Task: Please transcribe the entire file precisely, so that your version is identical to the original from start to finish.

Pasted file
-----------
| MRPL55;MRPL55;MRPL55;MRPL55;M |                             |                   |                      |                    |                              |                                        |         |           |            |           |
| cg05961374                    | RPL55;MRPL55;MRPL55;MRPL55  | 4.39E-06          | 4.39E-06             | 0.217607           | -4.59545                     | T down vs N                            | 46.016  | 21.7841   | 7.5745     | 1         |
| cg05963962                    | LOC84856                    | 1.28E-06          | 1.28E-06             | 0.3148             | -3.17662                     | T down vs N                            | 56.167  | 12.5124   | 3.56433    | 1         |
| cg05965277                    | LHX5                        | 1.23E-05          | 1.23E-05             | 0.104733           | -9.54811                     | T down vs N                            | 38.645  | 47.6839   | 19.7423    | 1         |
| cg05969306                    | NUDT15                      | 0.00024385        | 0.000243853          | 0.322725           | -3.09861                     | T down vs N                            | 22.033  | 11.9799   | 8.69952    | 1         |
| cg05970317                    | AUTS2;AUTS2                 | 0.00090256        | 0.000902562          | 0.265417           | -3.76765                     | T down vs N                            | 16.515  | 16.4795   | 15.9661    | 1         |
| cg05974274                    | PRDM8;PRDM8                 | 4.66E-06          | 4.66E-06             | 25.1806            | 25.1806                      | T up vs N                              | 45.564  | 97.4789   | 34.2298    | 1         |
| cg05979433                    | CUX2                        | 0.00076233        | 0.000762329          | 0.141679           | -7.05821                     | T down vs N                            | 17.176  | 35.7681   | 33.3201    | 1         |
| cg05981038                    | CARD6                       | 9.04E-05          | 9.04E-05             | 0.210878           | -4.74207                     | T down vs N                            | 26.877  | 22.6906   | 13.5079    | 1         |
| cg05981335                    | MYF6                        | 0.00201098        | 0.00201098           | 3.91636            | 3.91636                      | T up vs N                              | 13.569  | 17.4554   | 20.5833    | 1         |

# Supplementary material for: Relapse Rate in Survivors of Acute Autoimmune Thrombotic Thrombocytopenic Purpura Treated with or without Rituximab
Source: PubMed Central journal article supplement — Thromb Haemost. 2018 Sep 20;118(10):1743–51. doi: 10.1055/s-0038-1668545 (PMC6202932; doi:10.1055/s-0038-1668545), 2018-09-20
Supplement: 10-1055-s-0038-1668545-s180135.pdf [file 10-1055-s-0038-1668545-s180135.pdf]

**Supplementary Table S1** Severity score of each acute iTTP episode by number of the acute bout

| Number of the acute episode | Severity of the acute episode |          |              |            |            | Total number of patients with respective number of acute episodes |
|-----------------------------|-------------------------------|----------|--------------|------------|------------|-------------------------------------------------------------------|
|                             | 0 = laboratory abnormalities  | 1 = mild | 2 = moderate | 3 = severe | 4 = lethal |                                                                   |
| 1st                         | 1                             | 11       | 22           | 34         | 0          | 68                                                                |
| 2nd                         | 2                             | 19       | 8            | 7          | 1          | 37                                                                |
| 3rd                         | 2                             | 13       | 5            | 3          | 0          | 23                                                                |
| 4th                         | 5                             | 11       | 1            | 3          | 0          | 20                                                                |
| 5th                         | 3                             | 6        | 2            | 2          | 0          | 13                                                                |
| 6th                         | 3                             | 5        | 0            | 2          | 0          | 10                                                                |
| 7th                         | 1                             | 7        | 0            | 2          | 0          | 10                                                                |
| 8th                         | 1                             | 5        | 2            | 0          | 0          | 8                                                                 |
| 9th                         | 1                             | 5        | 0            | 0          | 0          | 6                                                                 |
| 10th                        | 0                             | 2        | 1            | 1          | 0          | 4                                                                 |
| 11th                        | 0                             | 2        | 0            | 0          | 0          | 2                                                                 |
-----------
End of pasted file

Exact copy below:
| MRPL55;MRPL55;MRPL55;MRPL55;M |                             |                   |                      |                    |                              |                                        |         |           |            |           |
| cg05961374                    | RPL55;MRPL55;MRPL55;MRPL55  | 4.39E-06          | 4.39E-06             | 0.217607           | -4.59545                     | T down vs N                            | 46.016  | 21.7841   | 7.5745     | 1         |
| cg05963962                    | LOC84856                    | 1.28E-06          | 1.28E-06             | 0.3148             | -3.17662                     | T down vs N                            | 56.167  | 12.5124   | 3.56433    | 1         |
| cg05965277                    | LHX5                        | 1.23E-05          | 1.23E-05             | 0.104733           | -9.54811                     | T down vs N                            | 38.645  | 47.6839   | 19.7423    | 1         |
| cg05969306                    | NUDT15                      | 0.00024385        | 0.000243853          | 0.322725           | -3.09861                     | T down vs N                            | 22.033  | 11.9799   | 8.69952    | 1         |
| cg05970317                    | AUTS2;AUTS2                 | 0.00090256        | 0.000902562          | 0.265417           | -3.76765                     | T down vs N                            | 16.515  | 16.4795   | 15.9661    | 1         |
| cg05974274                    | PRDM8;PRDM8                 | 4.66E-06          | 4.66E-06             | 25.1806            | 25.1806                      | T up vs N                              | 45.564  | 97.4789   | 34.2298    | 1         |
| cg05979433                    | CUX2                        | 0.00076233        | 0.000762329          | 0.141679           | -7.05821                     | T down vs N                            | 17.176  | 35.7681   | 33.3201    | 1         |
| cg05981038                    | CARD6                       | 9.04E-05          | 9.04E-05             | 0.210878           | -4.74207                     | T down vs N                            | 26.877  | 22.6906   | 13.5079    | 1         |
| cg05981335                    | MYF6                        | 0.00201098        | 0.00201098           | 3.91636            | 3.91636                      | T up vs N                              | 13.569  | 17.4554   | 20.5833    | 1         |

# Supplementary material for: Relapse Rate in Survivors of Acute Autoimmune Thrombotic Thrombocytopenic Purpura Treated with or without Rituximab
Source: PubMed Central journal article supplement — Thromb Haemost. 2018 Sep 20;118(10):1743–51. doi: 10.1055/s-0038-1668545 (PMC6202932; doi:10.1055/s-0038-1668545), 2018-09-20
Supplement: 10-1055-s-0038-1668545-s180135.pdf [file 10-1055-s-0038-1668545-s180135.pdf]

**Supplementary Table S1** Severity score of each acute iTTP episode by number of the acute bout

| Number of the acute episode | Severity of the acute episode |          |              |            |            | Total number of patients with respective number of acute episodes |
|-----------------------------|-------------------------------|----------|--------------|------------|------------|-------------------------------------------------------------------|
|                             | 0 = laboratory abnormalities  | 1 = mild | 2 = moderate | 3 = severe | 4 = lethal |                                                                   |
| 1st                         | 1                             | 11       | 22           | 34         | 0          | 68                                                                |
| 2nd                         | 2                             | 19       | 8            | 7          | 1          | 37                                                                |
| 3rd                         | 2                             | 13       | 5            | 3          | 0          | 23                                                                |
| 4th                         | 5                             | 11       | 1            | 3          | 0          | 20                                                                |
| 5th                         | 3                             | 6        | 2            | 2          | 0          | 13                                                                |
| 6th                         | 3                             | 5        | 0            | 2          | 0          | 10                                                                |
| 7th                         | 1                             | 7        | 0            | 2          | 0          | 10                                                                |
| 8th                         | 1                             | 5        | 2            | 0          | 0          | 8                                                                 |
| 9th                         | 1                             | 5        | 0            | 0          | 0          | 6                                                                 |
| 10th                        | 0                             | 2        | 1            | 1          | 0          | 4                                                                 |
| 11th                        | 0                             | 2        | 0            | 0          | 0          | 2                                                                 |